T SOME TIME for each human being, life becomes a vast crucible. It is a melting pot into which are poured the raw substances of man’s being. His thoughts, actions, and emotions are compounded with the sheer realities of experience. From this admixture emerges a singular character and personality. It may come forth scintillating and potent, a virtual philosopher’s stone that refines the self and transmutes the environment into golden opportunities. But with other persons this compound of human nature, drawn forth from the crucible of life, may be a dark and embittered self, the ego warped into the ugliness of intolerance, pessimism, and suspicion. The true self of no man is known until fife’s experiences have placed him in this crucible. It is there where the dross is separated from the gold. At first it seemed to Harvey Lewis, after the success of the first National Convention in Pittsburgh, that the future was now to be one entirely of his making. He gained increasing confidence in the creative ability of his stimulated talents which were being aroused by the demands of the re-established Rosicrucian work. Many of the members in the newly formed organization offered to help in his labors; therefore, committees and councils were formed. There were, too, the trusted Supreme officers, his immediate associates. At this time, however, the financial resources of the Order were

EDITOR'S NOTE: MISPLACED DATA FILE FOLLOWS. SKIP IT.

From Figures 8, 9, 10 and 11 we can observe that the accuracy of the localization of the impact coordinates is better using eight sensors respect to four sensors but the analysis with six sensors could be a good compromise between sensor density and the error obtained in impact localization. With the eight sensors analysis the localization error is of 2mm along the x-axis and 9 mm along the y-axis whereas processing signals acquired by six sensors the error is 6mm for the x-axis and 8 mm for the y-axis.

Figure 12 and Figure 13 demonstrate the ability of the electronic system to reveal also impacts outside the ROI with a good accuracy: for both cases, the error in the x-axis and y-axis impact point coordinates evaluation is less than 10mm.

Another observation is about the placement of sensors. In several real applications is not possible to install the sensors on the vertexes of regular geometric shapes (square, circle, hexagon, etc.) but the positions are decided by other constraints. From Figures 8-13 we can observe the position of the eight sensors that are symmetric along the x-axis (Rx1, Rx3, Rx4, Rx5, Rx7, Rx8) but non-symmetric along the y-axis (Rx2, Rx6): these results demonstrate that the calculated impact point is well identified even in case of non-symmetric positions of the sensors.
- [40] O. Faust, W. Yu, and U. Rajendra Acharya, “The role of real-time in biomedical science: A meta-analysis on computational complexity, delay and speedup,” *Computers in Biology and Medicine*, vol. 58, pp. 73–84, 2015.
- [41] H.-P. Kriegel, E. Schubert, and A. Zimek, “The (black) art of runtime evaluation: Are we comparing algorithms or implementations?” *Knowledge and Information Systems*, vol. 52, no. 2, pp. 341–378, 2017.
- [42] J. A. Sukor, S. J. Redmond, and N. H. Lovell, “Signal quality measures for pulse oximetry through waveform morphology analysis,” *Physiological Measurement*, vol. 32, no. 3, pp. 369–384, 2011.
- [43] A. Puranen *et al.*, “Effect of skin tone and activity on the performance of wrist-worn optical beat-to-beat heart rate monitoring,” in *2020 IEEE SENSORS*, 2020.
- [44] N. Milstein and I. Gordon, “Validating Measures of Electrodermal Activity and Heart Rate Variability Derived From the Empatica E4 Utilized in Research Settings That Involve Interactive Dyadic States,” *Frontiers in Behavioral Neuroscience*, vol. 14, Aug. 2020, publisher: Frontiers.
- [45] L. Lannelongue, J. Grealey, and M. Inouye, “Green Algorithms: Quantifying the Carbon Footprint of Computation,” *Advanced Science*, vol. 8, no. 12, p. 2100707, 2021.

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COSMIC MISSION FULFILLED exceedingly limited. These other officers were principally engaged in their own professions and businesses; the services which they could give Imperator Lewis were therefore limited to such time as they had free from personal duties. Harvey Lewis, however, devoted his entire time to the work of the Rosicrucian Order. For this he was allotted a small drawing account or salary, actually a mere pittance. This allowance was determined by the resources; it was not an attempt to evaluate the tremendous worth of his efforts, the ability and ideas that he was pouring forth into the structure of AMORC. To him it seemed that a thousand things needed to be done. Some of these things were abstract, profound, or complex; others were simple, yet they required wise administration so that neither the time nor the materials needed for them would be wasted. Paramount at the time was the need for literature that would further introduce the work of the Order to the public. The preparation of this literature required special skill. It could not presume upon the reader’s familiarity with metaphysics, philosophy, and mysticism, for there were those who sought the content of such subjects but would not recognize them by their technical terminology. On the other hand, to write the literature down, that is, to so simplify it that every man in the street would understand it, whether he be interested or not, would lower its value to the individual educated and informed in such subjects. It would then not intrigue them, nor to such better educated persons would it seem worthy of the ideals professed by the Order. Harvey Lewis, by his intense love of mysticism, by the enlightenment he had received, and by what he believed was his cosmic endowment, was especially qualified for this task. In addition to these innate qualities which he had, there must again be mentioned his experience and training in the advertising world. In preparing campaigns for large corporations and writing the copy for their literature, he gained an insight into the proper verbal approach to human emotions and sentiments. Already in America a transition was occurring in the literary appeal to the mass mind. The promulgation of anything, whether it